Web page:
It’s imperative that entrepreneurs frequently take a step back and reevaluate the driving forces behind the ideas, operations, and goals of their startup.
By Robert Carroll
I usually think of myself as a pretty smart guy, but then I meet some of the entrepreneurs leading startups in our region. Yet just as regularly as I overestimate my own intelligence, a significant number of entrepreneurs still unwittingly make mistakes while starting their companies. These small blunders can lead to grave disasters, often without anyone ever knowing what went wrong.
Cognitive errors are the great culprit in most startup disasters. These biases and fallacies creep into our daily decisions, and most of the time, pass unnoticed. Fortunately, these errors can be studied and avoided. The following are three of the most common cognitive errors made by entrepreneurs. If you overlook them, you risk falling prey to their illusion. Study them and arm yourself with a powerful ability to think clearly.
The common view of entrepreneurship is very glamorous. There’s a never-ending barrage of movies, news, and books about the heroes of technology and startups. These well-known figures overcome all odds, make amusingly large fortunes, and obtain an untouchable status akin to that of the Dalai Lama. It seems like just the career path for you, right?
It’s easy to get caught up in successes all around you, because victory is much more visible than defeat. News anchors don’t report on the 90 percent of seed-stage startups that fail, or the 95 percent of restaurants that close within their first year of opening. Everyone likes a rags-to-riches story, so the media cherry-picks the few winners that have outdone the rest. In The Art of Thinking Clearly, author Rolf Dobelli accurately said: “Because triumph is made more visible than failure, you systematically overestimate your chances of succeeding.”
So before you jump head first into entrepreneurship, make sure you know what you’re getting yourself into. Most startups fail because there’s no market need for the product being offered. Finding a solution that people want to buy is much more difficult than we imagine. The next most popular reason why startups fail is because they run out of cash. Cash flow is terribly challenging to manage, especially in the ever-changing environment of a startup. Regardless of why startups fail, the message is clear: the odds are against you.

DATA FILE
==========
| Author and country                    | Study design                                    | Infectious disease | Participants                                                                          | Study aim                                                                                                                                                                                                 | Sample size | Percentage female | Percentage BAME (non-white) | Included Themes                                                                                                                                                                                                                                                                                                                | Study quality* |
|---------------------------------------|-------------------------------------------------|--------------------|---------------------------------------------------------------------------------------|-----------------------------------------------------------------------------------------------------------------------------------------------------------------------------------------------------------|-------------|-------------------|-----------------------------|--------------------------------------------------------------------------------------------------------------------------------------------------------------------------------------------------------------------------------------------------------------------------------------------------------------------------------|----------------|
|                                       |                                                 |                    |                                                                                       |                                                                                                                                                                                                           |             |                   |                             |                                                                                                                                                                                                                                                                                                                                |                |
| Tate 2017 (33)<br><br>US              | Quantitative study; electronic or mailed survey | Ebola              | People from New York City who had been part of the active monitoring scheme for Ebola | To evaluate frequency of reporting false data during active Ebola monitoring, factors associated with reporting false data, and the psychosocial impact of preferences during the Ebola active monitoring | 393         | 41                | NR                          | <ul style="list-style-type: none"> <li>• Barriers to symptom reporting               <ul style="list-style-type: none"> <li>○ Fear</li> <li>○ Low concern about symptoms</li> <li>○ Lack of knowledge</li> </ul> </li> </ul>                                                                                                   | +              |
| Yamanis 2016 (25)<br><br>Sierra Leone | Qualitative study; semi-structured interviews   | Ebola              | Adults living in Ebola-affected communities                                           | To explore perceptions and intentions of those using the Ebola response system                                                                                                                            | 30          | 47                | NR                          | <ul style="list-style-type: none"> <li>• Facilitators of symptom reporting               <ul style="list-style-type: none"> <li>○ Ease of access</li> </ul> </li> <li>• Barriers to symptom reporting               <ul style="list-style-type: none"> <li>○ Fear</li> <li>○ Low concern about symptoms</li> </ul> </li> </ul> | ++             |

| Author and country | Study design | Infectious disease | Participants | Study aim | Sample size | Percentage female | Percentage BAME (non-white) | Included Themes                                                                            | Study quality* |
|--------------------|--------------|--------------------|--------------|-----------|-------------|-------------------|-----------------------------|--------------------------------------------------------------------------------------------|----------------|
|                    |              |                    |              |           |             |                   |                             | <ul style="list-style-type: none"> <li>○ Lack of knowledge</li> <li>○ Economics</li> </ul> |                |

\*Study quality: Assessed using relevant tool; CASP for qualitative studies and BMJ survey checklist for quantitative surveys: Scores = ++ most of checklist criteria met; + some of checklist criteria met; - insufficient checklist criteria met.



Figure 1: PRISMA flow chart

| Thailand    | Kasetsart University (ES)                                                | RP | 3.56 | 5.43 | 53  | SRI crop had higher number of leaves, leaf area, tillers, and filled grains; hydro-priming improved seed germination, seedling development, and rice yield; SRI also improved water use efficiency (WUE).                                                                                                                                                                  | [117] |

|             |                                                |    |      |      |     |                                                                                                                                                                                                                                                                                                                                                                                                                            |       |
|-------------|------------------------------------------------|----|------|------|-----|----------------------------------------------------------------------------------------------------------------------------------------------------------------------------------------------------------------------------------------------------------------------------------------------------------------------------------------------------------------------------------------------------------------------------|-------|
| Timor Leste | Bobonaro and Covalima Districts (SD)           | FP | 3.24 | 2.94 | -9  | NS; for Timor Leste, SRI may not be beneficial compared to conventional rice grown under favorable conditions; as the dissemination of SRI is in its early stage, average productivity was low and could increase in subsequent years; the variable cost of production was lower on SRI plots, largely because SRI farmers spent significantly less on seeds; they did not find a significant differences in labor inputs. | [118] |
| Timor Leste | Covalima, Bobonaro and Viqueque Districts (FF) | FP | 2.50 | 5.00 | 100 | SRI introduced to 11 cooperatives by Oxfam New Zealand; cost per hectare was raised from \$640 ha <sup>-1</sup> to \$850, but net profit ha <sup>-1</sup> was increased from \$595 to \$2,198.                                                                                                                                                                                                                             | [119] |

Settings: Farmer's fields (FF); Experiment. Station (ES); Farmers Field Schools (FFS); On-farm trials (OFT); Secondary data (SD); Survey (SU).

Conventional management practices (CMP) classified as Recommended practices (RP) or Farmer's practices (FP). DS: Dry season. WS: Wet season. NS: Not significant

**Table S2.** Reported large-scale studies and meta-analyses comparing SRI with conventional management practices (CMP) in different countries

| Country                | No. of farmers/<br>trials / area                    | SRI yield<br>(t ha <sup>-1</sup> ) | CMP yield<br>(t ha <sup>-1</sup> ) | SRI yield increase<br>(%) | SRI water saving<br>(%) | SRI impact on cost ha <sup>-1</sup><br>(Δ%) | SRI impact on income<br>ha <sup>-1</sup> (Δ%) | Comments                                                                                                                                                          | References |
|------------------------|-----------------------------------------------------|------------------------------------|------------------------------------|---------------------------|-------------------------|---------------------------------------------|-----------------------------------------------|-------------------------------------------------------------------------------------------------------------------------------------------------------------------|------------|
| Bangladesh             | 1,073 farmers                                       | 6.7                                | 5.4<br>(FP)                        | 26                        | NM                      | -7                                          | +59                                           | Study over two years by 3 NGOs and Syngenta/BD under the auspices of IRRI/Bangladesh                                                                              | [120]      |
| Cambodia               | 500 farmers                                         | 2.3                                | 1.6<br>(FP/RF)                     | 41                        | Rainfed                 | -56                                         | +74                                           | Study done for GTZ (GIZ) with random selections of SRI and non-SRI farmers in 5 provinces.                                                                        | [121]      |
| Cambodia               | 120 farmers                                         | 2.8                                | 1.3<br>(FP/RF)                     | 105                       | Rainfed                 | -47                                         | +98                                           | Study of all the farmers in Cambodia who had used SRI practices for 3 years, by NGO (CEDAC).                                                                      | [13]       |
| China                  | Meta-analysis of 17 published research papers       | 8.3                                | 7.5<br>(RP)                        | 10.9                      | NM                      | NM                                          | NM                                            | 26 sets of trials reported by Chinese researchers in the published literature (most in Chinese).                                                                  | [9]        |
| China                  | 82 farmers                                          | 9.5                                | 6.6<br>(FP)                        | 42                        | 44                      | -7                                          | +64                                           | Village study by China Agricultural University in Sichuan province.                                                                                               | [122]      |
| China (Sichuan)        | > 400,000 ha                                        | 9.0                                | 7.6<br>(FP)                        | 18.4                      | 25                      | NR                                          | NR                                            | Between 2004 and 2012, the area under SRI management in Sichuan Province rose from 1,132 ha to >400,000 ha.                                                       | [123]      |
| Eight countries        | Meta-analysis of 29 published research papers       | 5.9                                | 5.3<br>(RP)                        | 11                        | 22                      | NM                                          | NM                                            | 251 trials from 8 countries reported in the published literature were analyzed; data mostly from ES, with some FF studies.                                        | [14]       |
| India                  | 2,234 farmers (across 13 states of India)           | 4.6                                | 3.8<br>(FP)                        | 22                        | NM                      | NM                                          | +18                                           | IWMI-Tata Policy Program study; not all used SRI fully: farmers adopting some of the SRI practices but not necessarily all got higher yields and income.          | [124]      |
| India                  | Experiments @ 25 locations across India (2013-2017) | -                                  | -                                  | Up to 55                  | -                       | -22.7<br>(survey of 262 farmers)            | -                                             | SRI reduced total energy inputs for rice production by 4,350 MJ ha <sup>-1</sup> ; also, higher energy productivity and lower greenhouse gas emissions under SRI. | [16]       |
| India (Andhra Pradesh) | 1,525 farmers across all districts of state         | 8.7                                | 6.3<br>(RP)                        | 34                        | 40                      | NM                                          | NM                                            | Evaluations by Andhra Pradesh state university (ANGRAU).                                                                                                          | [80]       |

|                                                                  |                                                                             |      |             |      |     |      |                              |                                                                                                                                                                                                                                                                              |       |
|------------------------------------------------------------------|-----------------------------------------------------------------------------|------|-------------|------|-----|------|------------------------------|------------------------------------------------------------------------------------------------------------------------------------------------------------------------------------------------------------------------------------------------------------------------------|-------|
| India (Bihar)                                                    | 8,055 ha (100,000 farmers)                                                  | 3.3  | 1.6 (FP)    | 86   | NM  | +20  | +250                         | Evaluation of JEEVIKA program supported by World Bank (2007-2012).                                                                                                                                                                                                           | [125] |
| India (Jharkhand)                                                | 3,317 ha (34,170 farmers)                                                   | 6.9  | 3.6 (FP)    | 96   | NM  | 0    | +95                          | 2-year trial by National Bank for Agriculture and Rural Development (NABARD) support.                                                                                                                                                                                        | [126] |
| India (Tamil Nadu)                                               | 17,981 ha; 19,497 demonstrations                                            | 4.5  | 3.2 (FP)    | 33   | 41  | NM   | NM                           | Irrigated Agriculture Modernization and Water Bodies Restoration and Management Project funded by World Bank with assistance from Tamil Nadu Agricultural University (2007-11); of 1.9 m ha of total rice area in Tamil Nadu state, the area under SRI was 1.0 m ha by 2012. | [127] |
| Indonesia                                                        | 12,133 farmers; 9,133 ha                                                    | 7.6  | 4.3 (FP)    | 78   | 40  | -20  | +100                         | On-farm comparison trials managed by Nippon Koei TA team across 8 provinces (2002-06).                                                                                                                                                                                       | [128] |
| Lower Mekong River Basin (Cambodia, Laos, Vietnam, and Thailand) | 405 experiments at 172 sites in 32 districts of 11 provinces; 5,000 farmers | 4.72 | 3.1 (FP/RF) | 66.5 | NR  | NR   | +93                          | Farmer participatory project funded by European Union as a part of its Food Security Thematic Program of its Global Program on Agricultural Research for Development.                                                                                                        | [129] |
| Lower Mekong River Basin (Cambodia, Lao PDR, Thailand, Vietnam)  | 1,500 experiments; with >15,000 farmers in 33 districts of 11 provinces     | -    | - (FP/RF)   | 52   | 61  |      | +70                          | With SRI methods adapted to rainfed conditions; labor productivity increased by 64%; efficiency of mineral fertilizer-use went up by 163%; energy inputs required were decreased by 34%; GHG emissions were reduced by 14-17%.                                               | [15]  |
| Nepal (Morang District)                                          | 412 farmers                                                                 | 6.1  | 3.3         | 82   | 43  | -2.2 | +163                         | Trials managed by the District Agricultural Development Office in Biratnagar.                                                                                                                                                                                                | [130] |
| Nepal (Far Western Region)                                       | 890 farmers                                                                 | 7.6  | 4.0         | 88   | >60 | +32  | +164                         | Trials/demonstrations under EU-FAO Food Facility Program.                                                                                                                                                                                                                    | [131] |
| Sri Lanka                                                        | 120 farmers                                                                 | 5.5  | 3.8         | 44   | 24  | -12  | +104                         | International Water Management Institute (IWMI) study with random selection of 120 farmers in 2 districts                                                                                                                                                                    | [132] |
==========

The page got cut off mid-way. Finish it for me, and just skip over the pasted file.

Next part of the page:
Elon Musk is sending missions to space with his company Space X, and Richard Branson is already selling earth-orbiting tickets on Virgin Galactic flights. Everywhere you look, people are interested in space, especially millennials.
Consider a hypothetical startup that targets millennials and allows them to watch a live stream of Mars on their smartphone. Before you know it, you’ve spent millions of dollars to launch a satellite that orbits Mars. You release your smartphone app so people can watch live video of Mars, and then you sit back and wait for all the users to roll in. All of them, you suspect, will see your MarkaVIP ads and make you rich.
Of course, the venture flops and you’re millions of dollars in debt. How did this happen when all the trends were pointing towards Mars? It’s likely that they actually weren’t. As humans, we have an incredible ability to filter out all of the information that doesn’t line up with our existing beliefs. If we believe that the Mars app will make us millionaires, we find enough information to support that belief.
Countless startups have crashed and burned because of the confirmation bias. The way to avoid this cognitive error is to build a team of intelligent individuals who aren’t afraid to share their opinions. Make a conscious effort to understand your startup’s hypotheses and frequently set out to find disconfirming evidence.
Incentive Super-Response Tendency
The shocking history behind the Dead Sea Scrolls demonstrates the problem with poorly-designed incentive structures. When the parchments were discovered in our region in 1947, archaeologists offered cash rewards for each new artifact. Instead of search crews scouring the wilderness for more scrolls, people tore up the few scrolls they could find into several pieces. The damaged parchments were then exchanged for a lot more money.
Famed management theorist Peter Drucker said: “What gets measured, gets managed.” Think about that.
People act in their own best interest. The best way to get things done is to tie performance to compensation, but be ready to see people do whatever is possible to obtain that compensation.
In a recent Stanford University class on how to build a startup, entrepreneur and investor Sam Altman said: “It really is true that the company will build whatever the CEO decides to measure. If you’re building an Internet service, ignore things like total registrations—don’t talk about them, don’t let anyone in the company talk about them—and look at growth and active users, activity levels, cohort retention, revenue, and net promoter scores. These are the things that matter. And then be brutally honest if they’re not going in the right direction. Startups live on growth—it’s the indicator of a great product.”